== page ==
Newer fiber optic testers have a broad range of capabilities. They can test both 850- and 1300-nanometer signals at the same time and can even check your cable for compliance with specific standards.


Fiber precautions.

A few properties particular to fiber optic cable can cause problems if you aren’t careful during installation.

Intrinsic power loss-As the optic signal travels through the fiber core, the signal inevitably loses some speed through absorption, reflection, and scattering. This problem is easy to manage by making sure your splices are good and your connections are clean.

Microbending-Microbends are minute deviations in fiber caused by excessive bends, pinches, and kinks. Using cable with reinforcing fibers and other special manufacturing techniques minimizes this problem.

Connector loss-Connector loss occurs when two fiber segments are misaligned. This problem is commonly caused by poor splicing. Scratches and dirt introduced during the splicing process can also cause connector loss.

Coupling loss-Similar to connector loss, coupling loss results in reduced signal power and is from poorly terminated connector couplings.


Remember to be careful and use common sense when installing fiber cable. Use clean components. Keep dirt and dust to a minimum. Don’t pull the cable excessively or bend it too sharply around any corners. That way, your fiber optic installation can serve you well for many years.

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Black Box Explains...Fiber connectors.

• The ST® connector, which uses a bayonet locking system, is the most common connector.

• The SC connector features a molded body and a push- pull locking system.

• The FDDI... more/see it nowconnector comes with a 2.5-mm free-floating ferrule and a fixed shroud to minimize light loss.

• The MT-RJ connector, a small-form RJ-style connector, features a molded body and uses cleave-and-leave splicing.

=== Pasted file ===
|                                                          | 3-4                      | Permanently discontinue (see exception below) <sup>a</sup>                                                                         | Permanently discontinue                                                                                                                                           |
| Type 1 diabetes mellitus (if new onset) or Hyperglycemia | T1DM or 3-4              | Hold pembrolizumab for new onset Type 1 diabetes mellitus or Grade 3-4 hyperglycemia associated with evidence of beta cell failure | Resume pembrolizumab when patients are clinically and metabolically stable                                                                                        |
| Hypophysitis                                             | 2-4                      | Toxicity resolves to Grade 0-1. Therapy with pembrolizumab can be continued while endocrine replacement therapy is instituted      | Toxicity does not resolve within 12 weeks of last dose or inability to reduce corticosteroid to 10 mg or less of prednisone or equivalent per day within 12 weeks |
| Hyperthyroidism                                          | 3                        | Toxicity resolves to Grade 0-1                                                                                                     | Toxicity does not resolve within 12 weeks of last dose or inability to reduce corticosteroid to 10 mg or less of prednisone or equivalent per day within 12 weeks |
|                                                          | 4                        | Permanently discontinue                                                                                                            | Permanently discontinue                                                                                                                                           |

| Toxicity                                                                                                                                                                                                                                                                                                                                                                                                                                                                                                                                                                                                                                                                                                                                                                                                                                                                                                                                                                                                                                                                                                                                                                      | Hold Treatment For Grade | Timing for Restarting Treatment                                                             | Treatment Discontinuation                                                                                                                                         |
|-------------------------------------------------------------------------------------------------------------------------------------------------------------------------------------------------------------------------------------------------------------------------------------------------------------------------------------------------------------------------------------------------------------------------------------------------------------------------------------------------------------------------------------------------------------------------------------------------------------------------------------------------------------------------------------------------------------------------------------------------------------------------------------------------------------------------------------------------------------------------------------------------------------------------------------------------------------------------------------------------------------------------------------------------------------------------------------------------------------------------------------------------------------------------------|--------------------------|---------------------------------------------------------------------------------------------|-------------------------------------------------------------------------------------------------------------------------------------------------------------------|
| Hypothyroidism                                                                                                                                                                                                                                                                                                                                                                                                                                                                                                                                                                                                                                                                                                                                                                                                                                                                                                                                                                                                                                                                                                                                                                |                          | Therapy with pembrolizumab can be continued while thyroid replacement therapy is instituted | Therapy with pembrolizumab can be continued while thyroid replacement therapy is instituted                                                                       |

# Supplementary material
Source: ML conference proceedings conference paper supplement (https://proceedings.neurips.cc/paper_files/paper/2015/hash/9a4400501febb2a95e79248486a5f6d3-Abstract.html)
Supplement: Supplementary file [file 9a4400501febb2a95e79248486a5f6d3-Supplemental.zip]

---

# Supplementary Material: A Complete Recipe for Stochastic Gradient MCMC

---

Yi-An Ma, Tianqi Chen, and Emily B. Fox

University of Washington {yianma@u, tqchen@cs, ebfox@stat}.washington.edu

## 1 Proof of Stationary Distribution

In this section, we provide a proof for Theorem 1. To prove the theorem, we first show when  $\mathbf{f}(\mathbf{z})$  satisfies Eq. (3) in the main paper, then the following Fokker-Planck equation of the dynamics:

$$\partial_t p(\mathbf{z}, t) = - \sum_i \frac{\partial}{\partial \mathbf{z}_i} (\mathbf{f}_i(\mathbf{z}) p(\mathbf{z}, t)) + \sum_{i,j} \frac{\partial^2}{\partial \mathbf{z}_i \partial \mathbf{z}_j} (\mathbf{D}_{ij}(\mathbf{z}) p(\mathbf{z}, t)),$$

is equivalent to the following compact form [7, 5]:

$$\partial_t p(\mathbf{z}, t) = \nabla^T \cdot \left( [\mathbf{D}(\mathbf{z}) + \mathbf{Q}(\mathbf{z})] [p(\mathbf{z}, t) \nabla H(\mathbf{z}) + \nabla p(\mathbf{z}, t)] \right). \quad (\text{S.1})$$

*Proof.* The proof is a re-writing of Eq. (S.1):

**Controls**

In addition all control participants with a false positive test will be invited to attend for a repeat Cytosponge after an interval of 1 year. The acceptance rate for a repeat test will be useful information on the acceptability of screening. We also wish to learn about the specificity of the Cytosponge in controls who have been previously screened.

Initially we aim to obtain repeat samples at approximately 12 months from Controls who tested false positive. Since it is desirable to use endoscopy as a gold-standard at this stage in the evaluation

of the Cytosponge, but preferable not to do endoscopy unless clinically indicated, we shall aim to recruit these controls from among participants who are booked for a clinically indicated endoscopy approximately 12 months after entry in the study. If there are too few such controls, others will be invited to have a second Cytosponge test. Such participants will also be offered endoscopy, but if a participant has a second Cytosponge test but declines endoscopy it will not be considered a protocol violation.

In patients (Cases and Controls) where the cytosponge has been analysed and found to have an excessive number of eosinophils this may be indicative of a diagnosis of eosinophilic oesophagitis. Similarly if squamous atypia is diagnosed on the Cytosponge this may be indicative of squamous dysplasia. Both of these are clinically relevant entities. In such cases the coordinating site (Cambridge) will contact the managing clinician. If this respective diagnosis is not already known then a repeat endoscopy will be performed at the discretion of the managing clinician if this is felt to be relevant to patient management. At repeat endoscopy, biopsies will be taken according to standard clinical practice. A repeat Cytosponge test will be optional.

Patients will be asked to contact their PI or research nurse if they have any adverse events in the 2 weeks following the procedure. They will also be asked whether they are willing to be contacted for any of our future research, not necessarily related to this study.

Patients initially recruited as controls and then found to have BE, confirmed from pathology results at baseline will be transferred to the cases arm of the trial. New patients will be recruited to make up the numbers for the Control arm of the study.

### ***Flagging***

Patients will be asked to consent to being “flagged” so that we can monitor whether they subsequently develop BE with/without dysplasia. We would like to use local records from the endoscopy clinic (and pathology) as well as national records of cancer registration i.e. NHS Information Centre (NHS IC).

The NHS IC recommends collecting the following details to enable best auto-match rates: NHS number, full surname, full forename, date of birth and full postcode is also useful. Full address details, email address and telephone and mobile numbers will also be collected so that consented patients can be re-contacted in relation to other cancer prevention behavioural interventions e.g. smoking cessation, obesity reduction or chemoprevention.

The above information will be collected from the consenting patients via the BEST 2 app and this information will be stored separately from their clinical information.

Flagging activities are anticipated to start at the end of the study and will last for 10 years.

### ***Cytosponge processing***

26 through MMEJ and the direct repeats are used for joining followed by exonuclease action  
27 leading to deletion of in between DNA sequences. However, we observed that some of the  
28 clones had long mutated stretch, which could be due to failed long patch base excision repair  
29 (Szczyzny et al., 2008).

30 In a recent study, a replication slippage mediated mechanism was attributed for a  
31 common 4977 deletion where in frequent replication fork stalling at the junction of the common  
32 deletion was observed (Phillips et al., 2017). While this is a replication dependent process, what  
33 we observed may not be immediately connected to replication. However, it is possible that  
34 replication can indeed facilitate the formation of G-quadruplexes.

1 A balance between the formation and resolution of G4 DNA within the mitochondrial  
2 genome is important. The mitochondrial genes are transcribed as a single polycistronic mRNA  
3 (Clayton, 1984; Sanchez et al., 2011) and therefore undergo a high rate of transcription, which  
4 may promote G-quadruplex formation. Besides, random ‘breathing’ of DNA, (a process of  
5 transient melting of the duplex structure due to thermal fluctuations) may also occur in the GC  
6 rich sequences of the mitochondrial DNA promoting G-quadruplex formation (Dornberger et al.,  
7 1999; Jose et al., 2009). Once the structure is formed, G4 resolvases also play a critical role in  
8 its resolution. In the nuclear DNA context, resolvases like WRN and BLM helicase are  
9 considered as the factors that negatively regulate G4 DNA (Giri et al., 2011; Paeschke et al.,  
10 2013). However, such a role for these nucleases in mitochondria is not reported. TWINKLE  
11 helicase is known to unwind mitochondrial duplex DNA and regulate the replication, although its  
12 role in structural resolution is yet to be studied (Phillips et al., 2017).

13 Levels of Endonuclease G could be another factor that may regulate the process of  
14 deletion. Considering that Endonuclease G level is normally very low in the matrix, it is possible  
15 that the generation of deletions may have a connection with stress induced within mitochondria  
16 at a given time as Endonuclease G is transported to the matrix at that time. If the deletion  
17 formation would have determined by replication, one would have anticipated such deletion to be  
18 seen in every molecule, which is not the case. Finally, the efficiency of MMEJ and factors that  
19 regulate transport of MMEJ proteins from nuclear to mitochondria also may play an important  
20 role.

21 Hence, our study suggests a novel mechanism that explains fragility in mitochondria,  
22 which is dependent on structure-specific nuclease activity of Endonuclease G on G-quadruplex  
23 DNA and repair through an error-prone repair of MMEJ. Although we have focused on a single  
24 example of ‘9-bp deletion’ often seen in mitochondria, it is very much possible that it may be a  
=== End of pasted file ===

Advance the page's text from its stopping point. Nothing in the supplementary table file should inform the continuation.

• The LC connector, a small-form factor connector, features a ceramic ferrule and looks like a mini SC connector.

• The VF-45™connector is another small-form factor connector. It uses a unique “V-groove“ design.

• The FC connector is a threaded body connector. Secure it by screwing the connector body to the mating threads. Used in high-vibration environments.

• The MTO/MTP connector is a fiber connector that uses high-fiber-count ribbon cable. It’s used in high-density fiber applications.

• The MU connector resembles the larger SC connector. It uses a simple push-pull latching connection and is well suited for high-density applications.
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Black Box Explains...Choosing cabinets and racks.



Why cabinets? Why racks?


A cabinet is an enclosure with a door (or doors); a rack is an open frame. There are several things you... more/see it nowshould consider when you’re deciding whether you need an enclosed cabinet or a rack.


First, what equipment will you be putting in it? The extra stability of a cabinet might be important if you’re installing large, heavy equipment like servers. But if you need frequent access to all sides of the equipment, an open rack might be more convenient. And if your equipment needs a lot of ventilation, you’ll have to be more careful about the air supply if you enclose it in a cabinet.


Second, in what environment will you be installing it? If the environment is open or dusty, for example, you might need the extra protection of an enclosed cabinet. On the other hand, a rack might be perfectly adequate in a well-maintained data center.


Don’t neglect aesthetics. Will customers or clients see your installation? A cabinet with a door looks much neater than an open rack. When you’re trying to create a professional image, everything counts.


Finally, there’s security. An enclosed cabinet can be locked with a simple lock and key.


On the other hand, there are advantages to open racks, too. It’s easier to get at all sides of the equipment. But you’ll have to take other steps to keep the equipment secure-keeping it in a locked room, for example.